[Top] [All Lists]

Re: draft-housley-binarytime-00.txt

2004-09-13 13:20:43


I think you have misunderstood some of the remarks:

The new text adds the syntax of the existing signingTime attribute
to the new one, thus make the new one a superset.

The suggestion was to add a binary time to the existing one
(assumed that anything should be done), but certainly not to
reintroduce the options of the existing attributes.

I think this is an unacceptable approach. It could lead to decode errors in implementations that support the signing-time attribute that is defined in CMS.

There is no need at all to introduce these options, they serve
nothing at all, since the other attribute exists.

We have already had this debate. At least two people see potential value in the BinaryTime. Clearly there is not a ground swell of support. This is the reason that the "Status of this Memo" section indicates that this will become an Experimental RFC. In this way, we can find out if there is any value from implementations. If no implementations emerge, then we can let it drop. On the other hand, if implementors find it useful, then a standards-track RFC can follow later.

But I'll address the statements of the text (a second time).

1.1  BinaryTime

   Many operating systems represent date and time as an integer.  This
   document specifies an ASN.1 type for representing a date and time in
   a manner that is compatible with these operating systems.  This
   approach has several advantages over the UTCTime and GeneralizedTime

Not many systems represent data and time in BER as far as I remember.

I do not understand this comment. The quoted text says that operating systems use an integer, not a character string. BER (or other encoding) is going to be applied in either case. This is essential to resolve endian issues at a minimum.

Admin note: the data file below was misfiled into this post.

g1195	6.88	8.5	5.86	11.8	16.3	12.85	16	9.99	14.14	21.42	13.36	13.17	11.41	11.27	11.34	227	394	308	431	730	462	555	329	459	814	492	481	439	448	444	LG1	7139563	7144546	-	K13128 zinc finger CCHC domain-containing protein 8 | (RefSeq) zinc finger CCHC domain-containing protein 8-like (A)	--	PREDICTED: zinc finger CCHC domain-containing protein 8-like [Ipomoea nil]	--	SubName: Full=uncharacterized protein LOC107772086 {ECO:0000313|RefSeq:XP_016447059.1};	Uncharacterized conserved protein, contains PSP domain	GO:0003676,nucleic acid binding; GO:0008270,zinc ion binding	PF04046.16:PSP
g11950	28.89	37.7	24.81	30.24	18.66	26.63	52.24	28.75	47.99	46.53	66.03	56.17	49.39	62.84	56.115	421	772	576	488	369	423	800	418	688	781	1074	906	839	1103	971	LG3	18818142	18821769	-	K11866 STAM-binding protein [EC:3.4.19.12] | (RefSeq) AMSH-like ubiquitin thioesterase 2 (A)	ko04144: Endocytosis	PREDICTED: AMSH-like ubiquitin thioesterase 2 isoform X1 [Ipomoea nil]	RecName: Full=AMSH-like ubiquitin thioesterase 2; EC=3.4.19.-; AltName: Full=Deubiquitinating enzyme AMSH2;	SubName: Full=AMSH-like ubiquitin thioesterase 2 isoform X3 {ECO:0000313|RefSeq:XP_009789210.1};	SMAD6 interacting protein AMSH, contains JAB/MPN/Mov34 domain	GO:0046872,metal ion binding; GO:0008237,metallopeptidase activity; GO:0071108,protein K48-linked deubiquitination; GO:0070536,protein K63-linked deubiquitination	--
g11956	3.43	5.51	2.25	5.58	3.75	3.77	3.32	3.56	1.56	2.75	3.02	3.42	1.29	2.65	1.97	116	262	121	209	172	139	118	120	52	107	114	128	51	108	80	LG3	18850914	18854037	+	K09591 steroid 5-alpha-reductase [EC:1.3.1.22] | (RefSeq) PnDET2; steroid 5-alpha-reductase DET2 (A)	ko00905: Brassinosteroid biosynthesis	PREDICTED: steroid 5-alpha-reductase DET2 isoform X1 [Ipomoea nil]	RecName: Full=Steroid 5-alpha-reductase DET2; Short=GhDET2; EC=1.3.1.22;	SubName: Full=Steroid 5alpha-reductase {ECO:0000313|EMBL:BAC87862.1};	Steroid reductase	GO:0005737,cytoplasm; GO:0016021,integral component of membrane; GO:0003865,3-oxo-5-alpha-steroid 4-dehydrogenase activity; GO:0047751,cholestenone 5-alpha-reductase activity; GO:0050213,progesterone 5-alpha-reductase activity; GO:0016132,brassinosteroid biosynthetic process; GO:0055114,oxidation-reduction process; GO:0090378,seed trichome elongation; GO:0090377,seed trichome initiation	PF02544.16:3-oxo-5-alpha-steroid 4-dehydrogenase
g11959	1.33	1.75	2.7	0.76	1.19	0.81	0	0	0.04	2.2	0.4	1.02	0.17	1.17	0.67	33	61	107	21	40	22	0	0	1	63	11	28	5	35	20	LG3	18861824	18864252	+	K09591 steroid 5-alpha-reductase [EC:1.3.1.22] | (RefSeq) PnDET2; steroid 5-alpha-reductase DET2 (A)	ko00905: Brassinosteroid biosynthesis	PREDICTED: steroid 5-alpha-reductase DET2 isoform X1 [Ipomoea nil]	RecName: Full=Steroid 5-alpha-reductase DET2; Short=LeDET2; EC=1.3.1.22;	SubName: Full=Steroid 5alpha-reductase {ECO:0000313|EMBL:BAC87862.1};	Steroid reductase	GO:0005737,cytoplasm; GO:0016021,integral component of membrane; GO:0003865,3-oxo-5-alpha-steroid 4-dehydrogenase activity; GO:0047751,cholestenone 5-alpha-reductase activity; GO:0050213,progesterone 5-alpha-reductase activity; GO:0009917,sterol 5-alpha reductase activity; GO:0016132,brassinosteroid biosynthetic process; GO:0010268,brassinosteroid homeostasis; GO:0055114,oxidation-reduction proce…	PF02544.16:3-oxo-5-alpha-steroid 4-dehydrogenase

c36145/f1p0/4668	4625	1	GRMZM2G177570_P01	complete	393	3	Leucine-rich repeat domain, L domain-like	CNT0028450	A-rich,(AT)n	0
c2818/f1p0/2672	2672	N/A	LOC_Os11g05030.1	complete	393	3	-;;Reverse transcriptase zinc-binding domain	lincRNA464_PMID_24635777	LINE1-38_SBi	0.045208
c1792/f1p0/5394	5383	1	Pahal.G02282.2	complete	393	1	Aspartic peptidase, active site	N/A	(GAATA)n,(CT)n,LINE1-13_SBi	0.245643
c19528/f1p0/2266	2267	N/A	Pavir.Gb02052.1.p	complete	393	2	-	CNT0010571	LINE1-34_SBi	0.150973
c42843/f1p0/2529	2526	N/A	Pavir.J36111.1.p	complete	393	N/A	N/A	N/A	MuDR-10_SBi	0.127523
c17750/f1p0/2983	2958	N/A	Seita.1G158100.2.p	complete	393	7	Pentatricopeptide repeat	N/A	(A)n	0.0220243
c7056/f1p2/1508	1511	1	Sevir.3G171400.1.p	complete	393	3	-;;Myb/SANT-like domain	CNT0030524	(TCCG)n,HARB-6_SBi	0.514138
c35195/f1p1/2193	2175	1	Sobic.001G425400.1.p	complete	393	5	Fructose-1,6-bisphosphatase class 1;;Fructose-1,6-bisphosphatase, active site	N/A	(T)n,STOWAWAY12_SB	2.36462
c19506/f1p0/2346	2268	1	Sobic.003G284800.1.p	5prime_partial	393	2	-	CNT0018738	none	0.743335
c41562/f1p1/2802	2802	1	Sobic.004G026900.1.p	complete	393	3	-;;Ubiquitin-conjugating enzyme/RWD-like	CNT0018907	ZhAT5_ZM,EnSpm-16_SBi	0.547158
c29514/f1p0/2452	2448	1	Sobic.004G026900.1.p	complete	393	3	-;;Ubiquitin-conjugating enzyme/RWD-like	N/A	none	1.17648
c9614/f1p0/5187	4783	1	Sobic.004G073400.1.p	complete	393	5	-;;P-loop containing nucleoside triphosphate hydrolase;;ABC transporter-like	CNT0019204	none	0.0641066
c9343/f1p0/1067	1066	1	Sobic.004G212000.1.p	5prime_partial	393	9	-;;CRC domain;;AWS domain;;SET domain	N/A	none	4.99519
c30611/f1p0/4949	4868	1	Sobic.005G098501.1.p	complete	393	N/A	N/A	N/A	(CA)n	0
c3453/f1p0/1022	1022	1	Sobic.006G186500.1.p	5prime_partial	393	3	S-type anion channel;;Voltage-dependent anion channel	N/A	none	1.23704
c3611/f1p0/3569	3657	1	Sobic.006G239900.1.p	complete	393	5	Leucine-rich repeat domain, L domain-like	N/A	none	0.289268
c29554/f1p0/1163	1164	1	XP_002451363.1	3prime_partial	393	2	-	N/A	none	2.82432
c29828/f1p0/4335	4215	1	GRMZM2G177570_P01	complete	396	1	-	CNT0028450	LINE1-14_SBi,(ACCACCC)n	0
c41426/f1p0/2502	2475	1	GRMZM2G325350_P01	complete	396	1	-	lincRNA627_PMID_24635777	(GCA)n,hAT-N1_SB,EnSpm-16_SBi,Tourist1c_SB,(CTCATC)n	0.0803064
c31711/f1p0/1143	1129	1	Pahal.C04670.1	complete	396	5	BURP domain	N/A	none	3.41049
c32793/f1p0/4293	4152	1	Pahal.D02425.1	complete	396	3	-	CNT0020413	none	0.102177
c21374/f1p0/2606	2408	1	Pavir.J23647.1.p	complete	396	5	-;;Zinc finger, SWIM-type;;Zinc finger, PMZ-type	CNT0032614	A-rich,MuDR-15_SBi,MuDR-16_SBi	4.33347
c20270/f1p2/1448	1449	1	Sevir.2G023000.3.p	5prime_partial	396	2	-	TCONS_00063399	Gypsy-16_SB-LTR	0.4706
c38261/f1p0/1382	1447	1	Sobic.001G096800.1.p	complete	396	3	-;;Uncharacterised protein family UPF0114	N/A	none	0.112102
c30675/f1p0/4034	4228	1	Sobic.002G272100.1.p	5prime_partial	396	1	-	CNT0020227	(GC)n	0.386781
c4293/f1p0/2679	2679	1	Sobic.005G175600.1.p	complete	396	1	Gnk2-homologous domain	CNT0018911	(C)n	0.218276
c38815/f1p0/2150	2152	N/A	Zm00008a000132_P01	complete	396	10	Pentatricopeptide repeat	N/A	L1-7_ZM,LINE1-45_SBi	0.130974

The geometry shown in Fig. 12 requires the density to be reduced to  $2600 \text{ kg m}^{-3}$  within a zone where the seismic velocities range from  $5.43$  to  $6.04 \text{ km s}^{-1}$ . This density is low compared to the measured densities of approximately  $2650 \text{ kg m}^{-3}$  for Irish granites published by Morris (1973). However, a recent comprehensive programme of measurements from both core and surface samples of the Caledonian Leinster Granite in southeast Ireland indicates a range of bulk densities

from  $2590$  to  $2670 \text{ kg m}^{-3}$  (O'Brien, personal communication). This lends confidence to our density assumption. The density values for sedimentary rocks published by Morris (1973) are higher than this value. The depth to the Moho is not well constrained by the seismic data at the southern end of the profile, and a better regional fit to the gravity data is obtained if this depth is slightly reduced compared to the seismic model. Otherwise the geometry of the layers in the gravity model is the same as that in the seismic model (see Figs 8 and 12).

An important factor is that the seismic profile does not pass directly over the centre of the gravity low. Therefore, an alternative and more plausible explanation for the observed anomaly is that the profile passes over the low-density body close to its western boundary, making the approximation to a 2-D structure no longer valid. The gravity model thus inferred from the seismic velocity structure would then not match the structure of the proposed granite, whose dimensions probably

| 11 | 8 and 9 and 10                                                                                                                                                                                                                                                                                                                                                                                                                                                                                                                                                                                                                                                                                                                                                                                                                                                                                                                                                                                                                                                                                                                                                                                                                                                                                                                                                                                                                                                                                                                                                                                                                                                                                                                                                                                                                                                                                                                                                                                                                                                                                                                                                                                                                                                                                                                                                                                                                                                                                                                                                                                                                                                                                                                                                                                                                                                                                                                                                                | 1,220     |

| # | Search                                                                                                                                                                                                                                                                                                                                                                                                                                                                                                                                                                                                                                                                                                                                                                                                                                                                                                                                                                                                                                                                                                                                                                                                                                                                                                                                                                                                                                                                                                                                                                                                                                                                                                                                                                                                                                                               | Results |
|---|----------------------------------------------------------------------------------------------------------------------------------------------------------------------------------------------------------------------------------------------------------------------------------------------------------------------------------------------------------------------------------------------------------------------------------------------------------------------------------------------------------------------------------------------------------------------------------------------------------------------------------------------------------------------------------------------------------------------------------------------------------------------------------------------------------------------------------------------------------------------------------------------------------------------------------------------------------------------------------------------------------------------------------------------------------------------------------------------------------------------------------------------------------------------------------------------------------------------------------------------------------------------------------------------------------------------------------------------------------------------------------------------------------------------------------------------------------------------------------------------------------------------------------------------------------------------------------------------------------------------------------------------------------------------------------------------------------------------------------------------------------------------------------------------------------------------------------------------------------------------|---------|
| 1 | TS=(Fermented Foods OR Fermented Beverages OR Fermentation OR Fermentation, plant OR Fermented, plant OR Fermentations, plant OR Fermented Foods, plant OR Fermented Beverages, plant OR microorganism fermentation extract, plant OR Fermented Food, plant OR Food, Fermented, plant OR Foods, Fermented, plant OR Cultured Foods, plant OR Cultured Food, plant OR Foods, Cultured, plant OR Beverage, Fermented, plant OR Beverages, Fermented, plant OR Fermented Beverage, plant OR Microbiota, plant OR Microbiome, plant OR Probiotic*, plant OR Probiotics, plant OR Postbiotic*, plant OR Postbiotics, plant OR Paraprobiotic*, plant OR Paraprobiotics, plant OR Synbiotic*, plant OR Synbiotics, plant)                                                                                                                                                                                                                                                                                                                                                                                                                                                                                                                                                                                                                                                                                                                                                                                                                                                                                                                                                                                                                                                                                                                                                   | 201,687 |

First, a BinaryTime value is smaller than either a UTCTime or a
   GeneralizedTime value.

True, but very weak conpared to the size of the document, ...

   Second, in many operating systems, the value can be used without
   conversion.  The operating systems that do require conversion can do
   so with straightforward computation.

You need at least some conversion from a BER encoded variable length
integer to some value. You don't any indication why you want to compare
the date with some local integer value?

Many values can use used directly. If the endian ordering is different on a particular system, then straightforward manipulation is needed. If the epoch is different, addition or subtraction is needed to compensate. If the granularity is something other than seconds, then multiplication or division is needed to compensate. To me, these are "straightforward computation."

I can state all of this if you like:

   Second, in many operating systems, the value can be used without
   conversion.  The operating systems that do require conversion can do
   so with straightforward computation.  If the endian ordering is different
   than the ASN.1 representation of an INTEGER, then straightforward
   manipulation is needed.  If the epoch is different than the one chosen
   for BinaryTime, addition or subtraction is needed to compensate.  If the
   granularity is something other than seconds, then multiplication or
   division is needed to compensate.  Also, padding may be needed
   convert the variable length ASN.1 encoding of INTEGER to a fixed
   length value used in the operating system.

Comparison of a date/time value in a protocol to the current time from the operating system seems very obvious to me.

As far as I remember, date comparisions have to be made in case
if you want to check certificates. In this case, the logic to
convert a local time value to an Generalizedtime already exists
on the machine. Of course, if you assume that no certs are used
at all, ... then you might still save more octets by reducing
the SignerInfo structure.

The certificates and crls are optional in SignerInfo. The SignedData sid field can be used to identify a public key that is not embedded in a certificate, such as a trust anchor.